One of the most important aspects of goal setting is knowing when goals should change. There are myriad reasons for changing goals, from changes in the business or industry, to the discovery of a new area of interest, to a change in your own personal circumstances.
Blindly pursuing career goals without carefully thinking through them on a regular basis means you may get exactly what you worked for only to find you don’t really want it anymore. An annual plan review can help you make sure you end up where you want to be.
Most people describe themselves as good multi-taskers in the same way most people think they’re good drivers. Unfortunately, neither of those scenarios is accurate.
The evidence is clear that multitasking doesn’t actually exist. It’s something we tell ourselves to justify checking email in meetings, texting while driving, and being on work calls during our kids’ weekend games and activities. While your brain can indeed shift back and forth between tasks, it takes time and energy to do so, which negatively impacts productivity and efficiency.
When we learn to say no to tasks which are not great uses of our time, we’re better able to focus on what’s critical and actually achieve more. So whether for you that means checking email far less frequently, limiting the meetings you attend, or having a strict “no work on weekends” rule, you’ll find that by refusing to be at the beck and call of every real or perceived emergency, you can become a more effective and happy team—and family—member.
Work has managed to creep into what used to be “off hours” for people, blurring the line between home life and work life. Many workers find themselves checking and responding to emails at night and on weekends or even doing work on personal time on a regular basis.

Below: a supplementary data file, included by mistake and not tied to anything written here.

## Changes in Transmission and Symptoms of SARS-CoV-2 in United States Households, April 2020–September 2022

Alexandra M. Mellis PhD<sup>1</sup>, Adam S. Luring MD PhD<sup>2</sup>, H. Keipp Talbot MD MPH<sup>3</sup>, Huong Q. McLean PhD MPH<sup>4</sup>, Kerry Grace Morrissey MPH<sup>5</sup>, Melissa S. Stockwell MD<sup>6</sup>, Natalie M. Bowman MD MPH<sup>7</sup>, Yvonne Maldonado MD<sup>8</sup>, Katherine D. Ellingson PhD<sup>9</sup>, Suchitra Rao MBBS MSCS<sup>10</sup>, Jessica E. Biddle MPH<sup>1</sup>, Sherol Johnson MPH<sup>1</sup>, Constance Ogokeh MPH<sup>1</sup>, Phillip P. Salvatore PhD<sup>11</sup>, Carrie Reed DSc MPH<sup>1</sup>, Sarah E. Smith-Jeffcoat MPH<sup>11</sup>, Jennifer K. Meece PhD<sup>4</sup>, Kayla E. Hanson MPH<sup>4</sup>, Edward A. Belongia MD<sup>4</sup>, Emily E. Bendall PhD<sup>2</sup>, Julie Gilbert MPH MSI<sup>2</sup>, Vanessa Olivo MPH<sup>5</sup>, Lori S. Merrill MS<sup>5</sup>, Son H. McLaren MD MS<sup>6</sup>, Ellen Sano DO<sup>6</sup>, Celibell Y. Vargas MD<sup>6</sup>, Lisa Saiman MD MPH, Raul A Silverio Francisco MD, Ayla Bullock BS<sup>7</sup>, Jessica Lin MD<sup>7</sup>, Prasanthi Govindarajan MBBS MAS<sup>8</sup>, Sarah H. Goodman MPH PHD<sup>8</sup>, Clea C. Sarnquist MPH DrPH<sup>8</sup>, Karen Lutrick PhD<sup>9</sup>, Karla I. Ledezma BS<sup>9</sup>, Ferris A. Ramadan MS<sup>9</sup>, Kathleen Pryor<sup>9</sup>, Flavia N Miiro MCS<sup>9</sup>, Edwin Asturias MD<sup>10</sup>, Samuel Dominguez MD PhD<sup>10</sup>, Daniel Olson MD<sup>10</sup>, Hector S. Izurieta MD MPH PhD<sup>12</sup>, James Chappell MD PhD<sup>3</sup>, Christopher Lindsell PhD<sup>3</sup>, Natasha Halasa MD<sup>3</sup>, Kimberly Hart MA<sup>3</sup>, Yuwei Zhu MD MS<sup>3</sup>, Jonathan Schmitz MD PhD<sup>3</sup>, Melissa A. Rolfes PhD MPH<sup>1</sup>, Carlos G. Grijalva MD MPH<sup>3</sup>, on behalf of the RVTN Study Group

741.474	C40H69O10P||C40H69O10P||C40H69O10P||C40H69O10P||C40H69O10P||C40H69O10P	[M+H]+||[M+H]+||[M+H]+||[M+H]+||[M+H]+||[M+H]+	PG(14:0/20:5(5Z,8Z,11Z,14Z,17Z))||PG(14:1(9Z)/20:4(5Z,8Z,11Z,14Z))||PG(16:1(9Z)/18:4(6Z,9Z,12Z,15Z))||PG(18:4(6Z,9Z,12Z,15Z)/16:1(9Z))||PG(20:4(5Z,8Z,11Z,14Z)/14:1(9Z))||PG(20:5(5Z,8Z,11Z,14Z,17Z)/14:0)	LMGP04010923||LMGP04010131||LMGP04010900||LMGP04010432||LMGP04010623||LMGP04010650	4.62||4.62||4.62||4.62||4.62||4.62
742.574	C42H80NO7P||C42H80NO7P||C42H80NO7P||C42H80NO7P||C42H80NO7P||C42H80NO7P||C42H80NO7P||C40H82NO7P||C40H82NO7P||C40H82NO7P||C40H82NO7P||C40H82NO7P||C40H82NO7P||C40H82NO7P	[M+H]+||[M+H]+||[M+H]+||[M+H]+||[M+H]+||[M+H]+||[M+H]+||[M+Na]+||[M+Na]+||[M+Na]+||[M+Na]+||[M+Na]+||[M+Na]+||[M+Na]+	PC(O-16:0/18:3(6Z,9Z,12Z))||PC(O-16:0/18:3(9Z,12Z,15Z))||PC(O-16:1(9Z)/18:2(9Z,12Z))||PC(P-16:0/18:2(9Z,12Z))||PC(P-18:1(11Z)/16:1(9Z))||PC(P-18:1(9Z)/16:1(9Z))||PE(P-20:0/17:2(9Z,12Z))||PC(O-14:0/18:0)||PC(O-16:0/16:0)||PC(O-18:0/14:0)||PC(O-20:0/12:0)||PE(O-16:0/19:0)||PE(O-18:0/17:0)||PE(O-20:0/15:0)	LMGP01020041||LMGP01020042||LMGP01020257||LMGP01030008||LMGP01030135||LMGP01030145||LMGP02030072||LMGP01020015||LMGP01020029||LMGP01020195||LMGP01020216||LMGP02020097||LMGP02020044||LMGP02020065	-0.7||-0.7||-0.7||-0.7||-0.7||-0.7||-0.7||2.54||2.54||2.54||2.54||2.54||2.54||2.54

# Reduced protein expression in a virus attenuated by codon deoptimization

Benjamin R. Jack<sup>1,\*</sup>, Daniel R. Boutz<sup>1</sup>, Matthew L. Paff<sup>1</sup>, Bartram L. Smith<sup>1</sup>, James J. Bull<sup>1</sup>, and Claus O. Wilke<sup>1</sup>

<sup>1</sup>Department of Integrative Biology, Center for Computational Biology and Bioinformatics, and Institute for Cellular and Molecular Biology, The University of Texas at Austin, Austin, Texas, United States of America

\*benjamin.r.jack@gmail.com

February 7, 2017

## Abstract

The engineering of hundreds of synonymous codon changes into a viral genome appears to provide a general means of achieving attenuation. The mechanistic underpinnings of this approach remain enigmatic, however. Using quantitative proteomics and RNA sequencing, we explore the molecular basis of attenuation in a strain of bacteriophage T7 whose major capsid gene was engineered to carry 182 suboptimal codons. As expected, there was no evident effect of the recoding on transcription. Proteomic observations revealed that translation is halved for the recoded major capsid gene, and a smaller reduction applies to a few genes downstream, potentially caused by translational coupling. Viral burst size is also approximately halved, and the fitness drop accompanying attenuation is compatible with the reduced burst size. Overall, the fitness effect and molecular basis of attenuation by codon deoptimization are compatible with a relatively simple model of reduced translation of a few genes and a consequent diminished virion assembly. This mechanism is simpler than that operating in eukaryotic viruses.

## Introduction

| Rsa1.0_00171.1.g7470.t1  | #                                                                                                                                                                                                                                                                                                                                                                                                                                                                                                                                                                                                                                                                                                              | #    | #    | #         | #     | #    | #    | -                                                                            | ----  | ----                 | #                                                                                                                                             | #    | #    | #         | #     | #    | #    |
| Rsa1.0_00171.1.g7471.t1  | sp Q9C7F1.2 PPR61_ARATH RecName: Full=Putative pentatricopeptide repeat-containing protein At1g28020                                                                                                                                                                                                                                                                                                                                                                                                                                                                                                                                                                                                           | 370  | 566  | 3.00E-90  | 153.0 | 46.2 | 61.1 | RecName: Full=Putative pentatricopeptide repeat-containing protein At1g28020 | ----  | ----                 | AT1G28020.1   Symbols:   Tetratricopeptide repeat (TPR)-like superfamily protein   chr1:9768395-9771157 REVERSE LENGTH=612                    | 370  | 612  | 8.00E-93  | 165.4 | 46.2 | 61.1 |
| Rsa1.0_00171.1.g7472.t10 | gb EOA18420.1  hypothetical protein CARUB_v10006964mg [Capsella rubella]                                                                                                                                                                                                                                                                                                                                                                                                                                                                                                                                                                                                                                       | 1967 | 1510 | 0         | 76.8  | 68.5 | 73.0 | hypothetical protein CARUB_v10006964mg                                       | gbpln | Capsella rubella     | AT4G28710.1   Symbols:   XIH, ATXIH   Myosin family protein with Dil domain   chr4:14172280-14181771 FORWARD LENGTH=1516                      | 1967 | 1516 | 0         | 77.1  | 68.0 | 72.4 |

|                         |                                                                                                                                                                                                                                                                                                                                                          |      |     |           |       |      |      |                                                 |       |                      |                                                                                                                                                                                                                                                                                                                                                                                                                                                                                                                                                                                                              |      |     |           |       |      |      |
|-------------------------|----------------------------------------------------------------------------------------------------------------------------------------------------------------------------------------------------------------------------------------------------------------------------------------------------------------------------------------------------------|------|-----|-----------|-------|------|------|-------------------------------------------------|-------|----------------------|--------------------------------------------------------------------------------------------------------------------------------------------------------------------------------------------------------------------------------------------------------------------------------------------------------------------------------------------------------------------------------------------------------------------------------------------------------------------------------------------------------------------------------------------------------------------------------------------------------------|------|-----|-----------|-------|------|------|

Research has shown there’s one simple thing people can do to maintain a positive attitude: shut it down. By leaving work when you leave work, you can enhance your quality of life, health, and happiness.
It’s so easy to allow work to creep into personal time, preventing us from being in the moment in our personal lives and from being able to fully rest and recharge. Studies have shown that drawing a line between work and personal time is beneficial to employees and employers, but internal and external pressures can make it hard to initiate this practice.
If you need to, start slow and build. Set certain hours or an evening or two as “work-free” times. Then build on that. Or let your team know that you won’t be checking email and that they should call you with any true emergencies. People are less likely to call you on your personal time than send you an email, so they are more likely to deal with the issue themselves or determine it truly can wait. And don’t forget to encourage this practice of “work-free” times for your team as well. It will serve them as well as you.
Don’t let your career just happen. Decide what you want from life and your career, then invest your time and energy to ensure that your personal development ultimately drives those goals.